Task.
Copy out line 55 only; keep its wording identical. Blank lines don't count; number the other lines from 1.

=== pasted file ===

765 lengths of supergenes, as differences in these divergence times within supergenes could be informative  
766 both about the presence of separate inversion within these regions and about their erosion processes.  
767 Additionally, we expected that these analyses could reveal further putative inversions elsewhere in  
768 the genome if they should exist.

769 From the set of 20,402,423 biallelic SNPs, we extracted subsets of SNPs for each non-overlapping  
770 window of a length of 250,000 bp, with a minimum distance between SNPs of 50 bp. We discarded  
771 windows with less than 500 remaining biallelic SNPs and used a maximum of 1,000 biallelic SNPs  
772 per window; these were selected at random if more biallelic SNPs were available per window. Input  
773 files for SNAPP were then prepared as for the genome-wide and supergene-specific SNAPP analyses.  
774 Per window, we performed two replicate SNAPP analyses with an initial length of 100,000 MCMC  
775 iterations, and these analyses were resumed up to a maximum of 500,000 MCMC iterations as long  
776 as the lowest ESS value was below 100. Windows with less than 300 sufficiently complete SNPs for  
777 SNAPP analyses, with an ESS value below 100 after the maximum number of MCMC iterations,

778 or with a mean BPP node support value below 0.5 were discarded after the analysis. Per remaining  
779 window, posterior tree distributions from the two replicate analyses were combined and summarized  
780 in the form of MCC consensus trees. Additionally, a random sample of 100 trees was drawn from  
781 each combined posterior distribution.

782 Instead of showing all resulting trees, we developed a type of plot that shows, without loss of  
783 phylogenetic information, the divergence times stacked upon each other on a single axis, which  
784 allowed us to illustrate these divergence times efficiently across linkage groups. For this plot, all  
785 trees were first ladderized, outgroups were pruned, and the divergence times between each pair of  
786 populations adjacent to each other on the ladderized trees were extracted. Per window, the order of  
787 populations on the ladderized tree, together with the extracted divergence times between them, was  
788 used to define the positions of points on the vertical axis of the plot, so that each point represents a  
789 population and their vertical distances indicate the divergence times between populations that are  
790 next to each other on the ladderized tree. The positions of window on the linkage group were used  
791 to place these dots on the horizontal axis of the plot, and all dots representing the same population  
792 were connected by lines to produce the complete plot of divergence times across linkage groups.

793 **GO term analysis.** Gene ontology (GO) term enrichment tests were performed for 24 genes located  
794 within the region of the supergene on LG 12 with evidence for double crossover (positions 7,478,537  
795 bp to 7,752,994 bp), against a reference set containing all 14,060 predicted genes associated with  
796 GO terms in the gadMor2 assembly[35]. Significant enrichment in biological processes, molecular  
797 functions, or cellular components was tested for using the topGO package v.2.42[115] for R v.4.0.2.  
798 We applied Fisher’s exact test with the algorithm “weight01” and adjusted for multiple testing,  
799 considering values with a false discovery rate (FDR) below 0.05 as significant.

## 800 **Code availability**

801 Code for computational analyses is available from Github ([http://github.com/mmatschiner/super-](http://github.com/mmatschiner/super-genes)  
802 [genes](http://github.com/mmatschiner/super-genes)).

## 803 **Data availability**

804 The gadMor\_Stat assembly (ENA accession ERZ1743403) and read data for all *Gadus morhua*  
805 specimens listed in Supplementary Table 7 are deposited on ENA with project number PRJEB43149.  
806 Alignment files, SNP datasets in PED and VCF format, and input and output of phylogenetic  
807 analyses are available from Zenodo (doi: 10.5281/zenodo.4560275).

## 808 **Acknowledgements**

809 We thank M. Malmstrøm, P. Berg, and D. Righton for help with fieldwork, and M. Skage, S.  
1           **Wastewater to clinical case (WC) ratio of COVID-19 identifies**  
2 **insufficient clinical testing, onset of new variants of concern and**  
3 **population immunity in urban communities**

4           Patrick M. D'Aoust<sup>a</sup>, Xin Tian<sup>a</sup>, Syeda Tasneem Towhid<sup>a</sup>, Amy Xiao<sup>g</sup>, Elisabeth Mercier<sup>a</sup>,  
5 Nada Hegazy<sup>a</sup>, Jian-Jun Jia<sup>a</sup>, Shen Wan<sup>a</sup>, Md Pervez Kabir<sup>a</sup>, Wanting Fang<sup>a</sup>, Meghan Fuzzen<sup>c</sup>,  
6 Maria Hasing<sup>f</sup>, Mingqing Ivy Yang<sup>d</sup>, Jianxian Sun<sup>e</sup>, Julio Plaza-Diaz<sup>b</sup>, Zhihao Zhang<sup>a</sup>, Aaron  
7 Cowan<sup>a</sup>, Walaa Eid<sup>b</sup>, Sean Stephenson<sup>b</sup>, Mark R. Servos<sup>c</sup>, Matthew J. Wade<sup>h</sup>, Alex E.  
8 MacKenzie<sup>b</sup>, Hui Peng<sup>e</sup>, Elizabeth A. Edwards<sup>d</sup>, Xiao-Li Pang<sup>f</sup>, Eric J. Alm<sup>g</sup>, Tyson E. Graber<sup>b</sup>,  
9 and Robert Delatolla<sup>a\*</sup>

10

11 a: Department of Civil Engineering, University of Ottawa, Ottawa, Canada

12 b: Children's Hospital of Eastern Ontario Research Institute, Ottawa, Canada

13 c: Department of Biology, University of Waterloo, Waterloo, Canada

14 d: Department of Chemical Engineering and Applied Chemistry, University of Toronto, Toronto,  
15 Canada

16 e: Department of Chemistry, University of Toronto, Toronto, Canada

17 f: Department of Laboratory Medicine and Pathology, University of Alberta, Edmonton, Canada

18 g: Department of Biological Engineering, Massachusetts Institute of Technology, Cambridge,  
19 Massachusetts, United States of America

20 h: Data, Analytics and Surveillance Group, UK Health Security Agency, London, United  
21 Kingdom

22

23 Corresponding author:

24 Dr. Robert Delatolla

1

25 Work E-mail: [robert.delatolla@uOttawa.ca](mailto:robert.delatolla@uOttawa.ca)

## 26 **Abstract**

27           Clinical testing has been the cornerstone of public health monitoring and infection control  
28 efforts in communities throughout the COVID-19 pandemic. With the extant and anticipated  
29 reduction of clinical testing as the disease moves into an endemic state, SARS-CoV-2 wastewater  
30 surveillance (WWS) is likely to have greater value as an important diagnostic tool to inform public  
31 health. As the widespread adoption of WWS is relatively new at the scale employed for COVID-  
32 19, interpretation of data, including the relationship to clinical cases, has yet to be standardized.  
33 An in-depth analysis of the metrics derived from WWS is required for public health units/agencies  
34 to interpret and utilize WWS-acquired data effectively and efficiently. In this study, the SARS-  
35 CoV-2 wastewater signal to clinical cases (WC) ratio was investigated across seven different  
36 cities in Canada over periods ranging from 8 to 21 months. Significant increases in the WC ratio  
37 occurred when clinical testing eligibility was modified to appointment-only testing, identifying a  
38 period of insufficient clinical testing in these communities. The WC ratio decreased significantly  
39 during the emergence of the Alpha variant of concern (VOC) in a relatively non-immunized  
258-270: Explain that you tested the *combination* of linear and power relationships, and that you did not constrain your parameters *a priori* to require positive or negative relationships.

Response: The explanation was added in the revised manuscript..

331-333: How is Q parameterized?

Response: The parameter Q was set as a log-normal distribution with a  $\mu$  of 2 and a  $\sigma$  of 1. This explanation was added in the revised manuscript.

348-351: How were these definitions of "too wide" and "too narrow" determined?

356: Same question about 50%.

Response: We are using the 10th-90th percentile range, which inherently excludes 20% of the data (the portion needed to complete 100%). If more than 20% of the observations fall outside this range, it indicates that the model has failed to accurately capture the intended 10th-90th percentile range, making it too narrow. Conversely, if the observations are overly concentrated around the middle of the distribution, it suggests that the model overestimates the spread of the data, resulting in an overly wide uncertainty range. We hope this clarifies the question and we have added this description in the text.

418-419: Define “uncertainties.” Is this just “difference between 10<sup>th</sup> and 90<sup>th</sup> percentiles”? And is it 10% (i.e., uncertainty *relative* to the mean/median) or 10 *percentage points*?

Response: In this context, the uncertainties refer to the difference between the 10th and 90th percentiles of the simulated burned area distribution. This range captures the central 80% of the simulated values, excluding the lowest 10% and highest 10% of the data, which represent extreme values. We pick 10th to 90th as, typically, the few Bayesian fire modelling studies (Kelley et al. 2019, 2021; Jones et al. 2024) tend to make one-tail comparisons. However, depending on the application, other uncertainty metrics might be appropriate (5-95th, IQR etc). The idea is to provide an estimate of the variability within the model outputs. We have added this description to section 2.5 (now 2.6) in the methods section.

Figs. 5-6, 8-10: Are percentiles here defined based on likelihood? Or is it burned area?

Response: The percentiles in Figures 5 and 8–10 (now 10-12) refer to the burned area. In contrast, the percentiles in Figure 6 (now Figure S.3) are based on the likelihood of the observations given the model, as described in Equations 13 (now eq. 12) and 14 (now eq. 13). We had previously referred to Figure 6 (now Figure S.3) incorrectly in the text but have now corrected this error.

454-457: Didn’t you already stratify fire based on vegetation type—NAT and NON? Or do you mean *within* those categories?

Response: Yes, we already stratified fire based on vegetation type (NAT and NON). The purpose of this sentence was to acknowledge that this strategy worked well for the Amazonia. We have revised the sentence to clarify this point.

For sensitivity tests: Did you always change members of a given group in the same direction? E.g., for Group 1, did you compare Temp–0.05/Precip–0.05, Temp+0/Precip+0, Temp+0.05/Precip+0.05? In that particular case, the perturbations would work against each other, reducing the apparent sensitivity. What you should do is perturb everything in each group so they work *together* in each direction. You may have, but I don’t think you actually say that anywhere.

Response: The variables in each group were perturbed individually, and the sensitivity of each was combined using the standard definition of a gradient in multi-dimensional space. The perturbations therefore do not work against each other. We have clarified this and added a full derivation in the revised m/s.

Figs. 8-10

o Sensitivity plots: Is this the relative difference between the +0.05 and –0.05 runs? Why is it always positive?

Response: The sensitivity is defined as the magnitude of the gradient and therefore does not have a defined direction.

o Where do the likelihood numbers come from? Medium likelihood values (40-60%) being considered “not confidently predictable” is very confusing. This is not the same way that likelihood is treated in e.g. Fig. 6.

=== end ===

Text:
10